Nouns: countable and uncountable

Nouns: countable and uncountable

Do you know how to use a, some, any, much and many? Test what you know with interactive exercises and read the explanation to help you.

Look at these examples to see how to use countable and uncountable nouns in a sentence.

I'm making a cup of tea.
There's some money on the table.
Have we got any bread?
How many chairs do we need?
How much milk have we got?

Try this exercise to test your grammar.

Grammar test 1

Countable and uncountable nouns 1: Grammar test 1

Read the explanation to learn more.

Grammar explanation

Nouns can be countable or uncountable. Countable nouns can be counted, e.g. an apple, two apples, three apples, etc. Uncountable nouns cannot be counted, e.g. air, rice, water, etc. When you learn a new noun, you should check if it is countable or uncountable and note how it is used in a sentence.

Countable nouns

For positive sentences we can use a/an for singular nouns or some for plurals.

There's a man at the door.
I have some friends in New York.

For negatives we can use a/an for singular nouns or any for plurals.

I don't have a dog.
There aren't any seats.

Uncountable nouns

Here are some examples of uncountable nouns:

bread rice coffee information
money advice luggage furniture

We use some with uncountable nouns in positive sentences and any with negatives.

There's some milk in the fridge.
There isn't any coffee.


In questions we use a/an, any or how many with countable nouns.

Is there an email address to write to?
Are there any chairs?
How many chairs are there?

And we use any or how much with uncountable nouns.

Is there any sugar?
How much orange juice is there?

But when we are offering something or asking for something, we normally use some.

Do you want some chocolate?
Can we have some more chairs, please?

We also use some in a question when we think the answer will be 'yes'.

Have you got some new glasses?

Other expressions of quantity

A lot of (or lots of) can be used with both countable and uncountable nouns.

There are lots of apples on the trees.
There is a lot of snow on the road

Notice that we don't usually use many or much in positive sentences. We use a lot of instead.

They have a lot of money.

However, in negative sentences we use not many with countable nouns and not much with uncountable nouns.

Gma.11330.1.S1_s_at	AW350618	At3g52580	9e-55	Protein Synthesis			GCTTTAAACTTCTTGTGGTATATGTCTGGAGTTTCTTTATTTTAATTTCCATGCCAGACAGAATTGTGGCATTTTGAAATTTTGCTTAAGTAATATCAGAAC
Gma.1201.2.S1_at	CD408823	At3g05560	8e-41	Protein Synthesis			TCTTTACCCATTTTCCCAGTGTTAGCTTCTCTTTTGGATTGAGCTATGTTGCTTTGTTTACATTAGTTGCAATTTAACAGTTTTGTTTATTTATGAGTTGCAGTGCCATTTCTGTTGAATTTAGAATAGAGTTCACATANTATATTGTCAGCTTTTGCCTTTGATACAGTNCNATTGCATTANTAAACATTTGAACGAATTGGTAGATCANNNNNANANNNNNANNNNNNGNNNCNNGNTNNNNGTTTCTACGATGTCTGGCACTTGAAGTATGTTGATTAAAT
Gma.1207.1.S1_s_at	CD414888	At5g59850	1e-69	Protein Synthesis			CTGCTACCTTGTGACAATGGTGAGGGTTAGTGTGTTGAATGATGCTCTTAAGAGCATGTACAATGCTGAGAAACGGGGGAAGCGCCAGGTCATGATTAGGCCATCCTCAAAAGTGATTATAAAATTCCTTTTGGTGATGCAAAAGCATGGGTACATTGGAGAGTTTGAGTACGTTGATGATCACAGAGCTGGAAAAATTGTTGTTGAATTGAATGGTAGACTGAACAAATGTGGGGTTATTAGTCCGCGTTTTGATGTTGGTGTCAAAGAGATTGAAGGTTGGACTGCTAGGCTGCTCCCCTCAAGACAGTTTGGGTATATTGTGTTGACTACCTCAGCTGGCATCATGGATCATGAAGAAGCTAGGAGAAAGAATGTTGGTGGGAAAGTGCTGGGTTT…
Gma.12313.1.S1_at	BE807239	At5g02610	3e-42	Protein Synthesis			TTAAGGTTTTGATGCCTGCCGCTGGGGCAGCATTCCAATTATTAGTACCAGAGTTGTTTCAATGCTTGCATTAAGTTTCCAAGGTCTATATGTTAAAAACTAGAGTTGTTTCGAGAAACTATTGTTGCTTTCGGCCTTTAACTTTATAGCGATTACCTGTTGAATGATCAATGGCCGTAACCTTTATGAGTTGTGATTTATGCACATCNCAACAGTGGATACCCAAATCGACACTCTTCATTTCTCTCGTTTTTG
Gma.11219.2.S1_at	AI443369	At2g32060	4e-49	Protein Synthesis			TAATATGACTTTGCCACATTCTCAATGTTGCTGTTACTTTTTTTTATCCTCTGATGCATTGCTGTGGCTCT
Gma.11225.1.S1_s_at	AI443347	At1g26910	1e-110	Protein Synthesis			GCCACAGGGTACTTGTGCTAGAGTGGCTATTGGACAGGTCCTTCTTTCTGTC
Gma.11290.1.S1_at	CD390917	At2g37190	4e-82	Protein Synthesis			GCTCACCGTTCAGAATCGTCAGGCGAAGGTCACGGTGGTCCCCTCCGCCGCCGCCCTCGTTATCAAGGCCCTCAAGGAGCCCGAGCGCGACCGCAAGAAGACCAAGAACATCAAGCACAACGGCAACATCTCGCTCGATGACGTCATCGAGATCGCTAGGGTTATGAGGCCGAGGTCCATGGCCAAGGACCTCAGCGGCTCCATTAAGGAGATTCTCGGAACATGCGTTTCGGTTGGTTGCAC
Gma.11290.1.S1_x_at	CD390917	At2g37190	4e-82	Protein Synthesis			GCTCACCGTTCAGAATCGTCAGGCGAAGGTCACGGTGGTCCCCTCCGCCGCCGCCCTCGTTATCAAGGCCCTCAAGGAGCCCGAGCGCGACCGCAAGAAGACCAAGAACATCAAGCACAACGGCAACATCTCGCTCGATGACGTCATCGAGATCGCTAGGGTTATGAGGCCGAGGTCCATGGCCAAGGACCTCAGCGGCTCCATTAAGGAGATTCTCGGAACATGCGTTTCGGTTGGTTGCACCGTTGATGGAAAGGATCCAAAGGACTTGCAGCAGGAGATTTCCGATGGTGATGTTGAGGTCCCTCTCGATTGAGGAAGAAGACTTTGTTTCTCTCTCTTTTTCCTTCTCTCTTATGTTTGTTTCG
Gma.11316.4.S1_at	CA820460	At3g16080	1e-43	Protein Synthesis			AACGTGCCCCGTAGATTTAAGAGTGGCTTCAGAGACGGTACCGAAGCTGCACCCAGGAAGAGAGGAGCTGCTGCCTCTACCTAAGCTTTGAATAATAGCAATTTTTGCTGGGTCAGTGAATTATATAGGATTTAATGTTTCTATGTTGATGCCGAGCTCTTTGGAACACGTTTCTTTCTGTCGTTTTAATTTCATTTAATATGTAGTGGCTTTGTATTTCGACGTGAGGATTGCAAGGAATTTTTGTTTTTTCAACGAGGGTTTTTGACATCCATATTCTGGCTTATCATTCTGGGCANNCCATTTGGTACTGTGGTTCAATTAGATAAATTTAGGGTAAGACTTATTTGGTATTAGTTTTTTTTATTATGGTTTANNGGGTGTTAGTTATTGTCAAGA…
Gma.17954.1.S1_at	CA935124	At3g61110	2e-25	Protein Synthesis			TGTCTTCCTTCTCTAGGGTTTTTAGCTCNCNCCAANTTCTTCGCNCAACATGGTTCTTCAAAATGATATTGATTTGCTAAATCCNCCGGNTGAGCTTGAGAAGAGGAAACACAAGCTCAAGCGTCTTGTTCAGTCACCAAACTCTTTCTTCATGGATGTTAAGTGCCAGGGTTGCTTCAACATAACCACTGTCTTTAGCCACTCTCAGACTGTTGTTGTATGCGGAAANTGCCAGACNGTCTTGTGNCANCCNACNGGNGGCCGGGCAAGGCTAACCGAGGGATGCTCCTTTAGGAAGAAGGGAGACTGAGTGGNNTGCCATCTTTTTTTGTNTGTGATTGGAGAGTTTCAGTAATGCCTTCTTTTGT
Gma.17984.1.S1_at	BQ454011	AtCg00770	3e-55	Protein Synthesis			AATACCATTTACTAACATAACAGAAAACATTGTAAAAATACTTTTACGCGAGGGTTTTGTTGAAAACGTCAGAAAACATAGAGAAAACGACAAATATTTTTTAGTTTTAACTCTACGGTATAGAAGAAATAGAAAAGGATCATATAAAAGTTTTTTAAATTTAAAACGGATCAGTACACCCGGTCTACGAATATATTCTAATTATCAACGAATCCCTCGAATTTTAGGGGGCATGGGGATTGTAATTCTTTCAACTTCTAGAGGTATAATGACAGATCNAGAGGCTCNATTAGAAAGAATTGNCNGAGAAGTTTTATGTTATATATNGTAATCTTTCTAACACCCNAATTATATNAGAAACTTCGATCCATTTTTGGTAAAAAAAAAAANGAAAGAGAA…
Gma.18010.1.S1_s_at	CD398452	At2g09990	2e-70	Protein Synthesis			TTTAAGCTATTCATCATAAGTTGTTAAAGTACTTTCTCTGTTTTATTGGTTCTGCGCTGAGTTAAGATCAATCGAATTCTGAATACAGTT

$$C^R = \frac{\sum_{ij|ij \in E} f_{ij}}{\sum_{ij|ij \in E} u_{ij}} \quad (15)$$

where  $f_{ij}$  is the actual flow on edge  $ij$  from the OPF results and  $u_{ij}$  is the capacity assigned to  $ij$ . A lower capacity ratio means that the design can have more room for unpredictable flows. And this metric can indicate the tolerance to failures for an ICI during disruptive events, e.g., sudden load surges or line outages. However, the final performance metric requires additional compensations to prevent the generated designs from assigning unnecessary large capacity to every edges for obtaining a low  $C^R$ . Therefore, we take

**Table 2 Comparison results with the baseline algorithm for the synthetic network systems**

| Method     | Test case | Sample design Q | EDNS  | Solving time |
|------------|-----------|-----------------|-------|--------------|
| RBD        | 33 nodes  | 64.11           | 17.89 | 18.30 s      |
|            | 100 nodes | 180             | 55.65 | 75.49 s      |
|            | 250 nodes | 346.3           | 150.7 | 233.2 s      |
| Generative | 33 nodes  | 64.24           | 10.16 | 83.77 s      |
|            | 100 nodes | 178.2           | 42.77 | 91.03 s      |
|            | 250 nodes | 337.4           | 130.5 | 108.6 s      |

There are a lot of carrots but there aren't many potatoes.
There's lots of juice but there isn't much water.

Go to Countable and uncountable nouns 2 to learn more.

Try this exercise to test your grammar again.

Grammar test 2

Countable and uncountable nouns 1: Grammar test 2

Average: 4 (158 votes)
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Hello Rafaela1,

They mean much the same thing. The first one suggests that someone was asking or thinking about finding multiple seats and the second one suggests just one seat, but if you asked to enter a place that was already at full capacity, someone might say either or both of them to you with the same meaning.

All the best,


The LearnEnglish Team

Submitted by Maahir on Sun, 14/03/2021 - 07:02

Hi, Thanks for the great lessons you're providing us. Just wondering why money is listed under the uncountable nouns while it can be counted in number. for exmp. 1/2/3 dollar. could you please explain it more. Thanks.
Profile picture for user Jonathan R

Submitted by Jonathan R on Sun, 14/03/2021 - 12:03

In reply to by Maahir


Hi Maahir,

In your example, it's the word dollar (not the word money) that is countable. The word money is different - it refers to an amount, and is (normally) uncountable. :)


The LearnEnglish Team

Submitted by Maahir on Sun, 14/03/2021 - 14:16

In reply to by Jonathan R

well understood an many thanks for your answer.

Submitted by lipo3 on Sat, 30/01/2021 - 22:17

Hello and thank you for these great and varied ressources. Being a teacher, is it possible to print the grammar lessons? there s no overhead projector in the classroam making teaching from this website difficult. Thank you.

Hello lipo3,

We're glad that you find the lessons useful. You are welcome to print them as long as the pages clearly indicate that the lesson was written by the British Council and that it comes from our website.

Thanks for asking -- hope that helps you!

All the best,


The LearnEnglish Team

Submitted by Pienk on Sun, 03/01/2021 - 07:48

hello, I did not understand the complete meaning of uncountable nouns.
Profile picture for user Peter M.

Submitted by Peter M. on Sun, 03/01/2021 - 08:21

In reply to by Pienk


Hello Pienk,

Uncountable nouns are things that we cannot number as individual things but rather see as a quantity.

For example, in my kitchen I have some bananas. I can count them: one banana, two bananas etc. I can add more and have three or four or five bananas.

Now imagine that I take my bananas and crush them because I want to make a banana smoothie. Now I don't have separate bananas; I just have a quantity of crushed banana in a jug, so I say I have 'some banana'. If I add more then I just say 'more banana'. The banana is now uncountable.



The LearnEnglish Team

Good day Peter, I am just a little confused about what you said there. So when the "banana" is now uncountable, can we say 'much banana'? since 'much' is for uncountable noun and 'banana' here is uncountable. Which is the right one?